Posted by Matt | June 13th, 2011

As Deathless so often plays with the folktale “rule of three” so, too, does this review, split into three parts. This is part two; part one (“Love in the Time of War,” on the book’s foreground character story) and part three (“Storytelling,” on the book as a story about stories) are best read in sequence.

Deathless by Catherynne M. Valente

Deathless, Catherynne M. Valente. Tor, 2011 (US).

The second time I follow the path set down by Catherynne Valente’s new novel Deathless, what I notice is that it is a story about the struggle for power in shaping a nation, Russia, from before the First World War to after the Second.

This focus on the idea of a nation is rare for Valente. Her past novels have dealt mainly with the household, the city, and then outward to the level of worlds; when she has dealt with nations, they have often been city-states. And to a large degree Deathless does use Marya’s home of St. Petersburg to represent Russia. As St. Petersburg becomes Petrograd and then Leningrad, as Gorokhovaya Street where Marya lives becomes Kommissarskaya Street becomes Dzerzhinskaya Street, we see in these re-namings both an echo of the political changes the nation is going through, and again–as with the changes Marya’s own name undergoes–the way that naming is used by those in power to define the parameters of a narrative, to establish and reify a history of rule.

In a larger sense this illustrates Valente’s tendency to focus on ideas both at a high conceptual level and, simultaneously, at the low level of the individual on the street–while often avoiding a certain middle layer of organizations and institutions. It’s again a question of register; again, and not for the last time, Valente uses the logic of folktales as a tool to isolate just the elements of the world she wants to focus on.

Indeed folktales are among these elements, and the way folktales can represent a nation. It is remarkable how thoroughly Valente populates Deathless with figures of Russian folktale, and how directly their presence identifies the novel’s setting as Russia. She mixes and matches elements from several different versions of the Koschei tale–mainly the version from Andrew Lang’s Red Fairy Book, along with some cleverly modernized images from Stravinsky’s The Firebird. To these she adds a who’s-who of Russian folktale personages and monsters:

“You can see there a firebird on the door, and Master Grey Wolf on the chimney, and Ivan the Fool scampering over the walls, with Yelena the Bright in his arms, and Baba Yaga running after them, brandishing her spoon. And that’s a leshy, creeping in the garden, and a vila and vodyanoy and a domovoi with a red cap. And there–they’ve put a rusalka near the kitchen window.” Kseniya turned to Marya. “And Koschei the Deathless is there, too, near the cellar. You can see him, painted on the foundation stones.”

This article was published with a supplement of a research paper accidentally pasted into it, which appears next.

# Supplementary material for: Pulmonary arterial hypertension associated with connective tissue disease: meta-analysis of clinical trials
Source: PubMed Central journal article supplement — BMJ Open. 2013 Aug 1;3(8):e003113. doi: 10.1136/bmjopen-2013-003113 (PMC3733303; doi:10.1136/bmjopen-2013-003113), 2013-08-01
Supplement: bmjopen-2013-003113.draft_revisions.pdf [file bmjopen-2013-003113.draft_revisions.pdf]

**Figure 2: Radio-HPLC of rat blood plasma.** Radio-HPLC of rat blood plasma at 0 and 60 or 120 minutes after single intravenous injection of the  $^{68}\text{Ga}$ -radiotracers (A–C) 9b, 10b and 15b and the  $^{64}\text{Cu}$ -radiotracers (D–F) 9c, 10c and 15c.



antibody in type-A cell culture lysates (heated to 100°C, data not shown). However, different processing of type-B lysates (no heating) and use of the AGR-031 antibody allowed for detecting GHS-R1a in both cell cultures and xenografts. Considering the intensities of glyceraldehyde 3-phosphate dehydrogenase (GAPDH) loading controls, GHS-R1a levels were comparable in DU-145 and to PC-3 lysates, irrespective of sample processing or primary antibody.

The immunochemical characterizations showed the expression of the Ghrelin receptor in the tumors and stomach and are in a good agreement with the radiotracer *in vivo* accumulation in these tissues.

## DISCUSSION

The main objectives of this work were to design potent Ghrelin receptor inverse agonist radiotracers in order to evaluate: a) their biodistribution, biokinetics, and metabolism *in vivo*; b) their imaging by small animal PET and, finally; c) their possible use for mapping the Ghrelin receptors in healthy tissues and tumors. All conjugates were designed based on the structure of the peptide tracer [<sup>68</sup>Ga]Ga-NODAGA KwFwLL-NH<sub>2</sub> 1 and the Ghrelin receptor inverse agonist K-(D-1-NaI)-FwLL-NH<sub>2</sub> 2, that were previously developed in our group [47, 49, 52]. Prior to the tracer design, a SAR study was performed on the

That last line feels doubly significant. The deepest tenets of a nation are often embedded in its folktales–folktales can represent the foundation stones of nations. Valente’s catalog of monsters is thus not just there for cultural authenticity; rather, it is a statement of artistic intent, of the argument the book is making about the ties between the Koschei tale and Russia.

Indeed, while Marya is the central figure of Deathless, the novel’s kickstart choice is Koschei’s: his choice to pursue Marya, after hundreds of times choosing a very different type of woman. From the domino of this choice, all others fall. The question of what led Koschei to pursue a different type of bride is unasked and unanswered by the novel, but the implication, I’d suggest, is that it is the changing face of Russia that brings about a corresponding change, and need for change, in Koschei. This introduces the notion that plays out over the rest of the book, of the connection between the state of Russia and the state of the war between Koschei and his brother, between Life and Death.

Subtler but more pervasive: while I would not want to equate Marxism with Russia–other countries are or have been Marxist, and Russia was a particular strain of Marxism–the story of Deathless has conceptual ties to Marxism in that it is not merely a story of conflict, but of conflict that is dialectical. That is, there is a sense in the book’s conflicts–in people and in nations–that ideas are unstable, and that they create their own opposition. And that, as in Marx, that instability, that conflict, is a continual dialogue that drives progress. Valente’s style of writing, which so often encapsulates the performance of an argument, feels very much at home here. Her writing has always incorporated a seeming tension between luxurious language, and stories of those pushed to the economic and social margins of societies. Russia, land of caviar and champagne, land of the proletariat revolution, has a long history with both.

The street-level focus on Marya lets Valente use a minimum of formal description and depiction of the nation–people don’t think too much about what they’re familiar with looks like. That, and the fact that many of Marya’s adult years take place outside of Russia in various magical realms, mean that while the feel of Deathless is often of Russia–in addition to the above, there are matters of weather, recreation, animals, writers, and perseverance by black humor even when the end is never in doubt, which all point to the nation–there’s a universal aspect to the novel as well. Folktales and relationships are good pathways to understanding Russia; but Russia is also a good pathway to understanding folktales and relationships.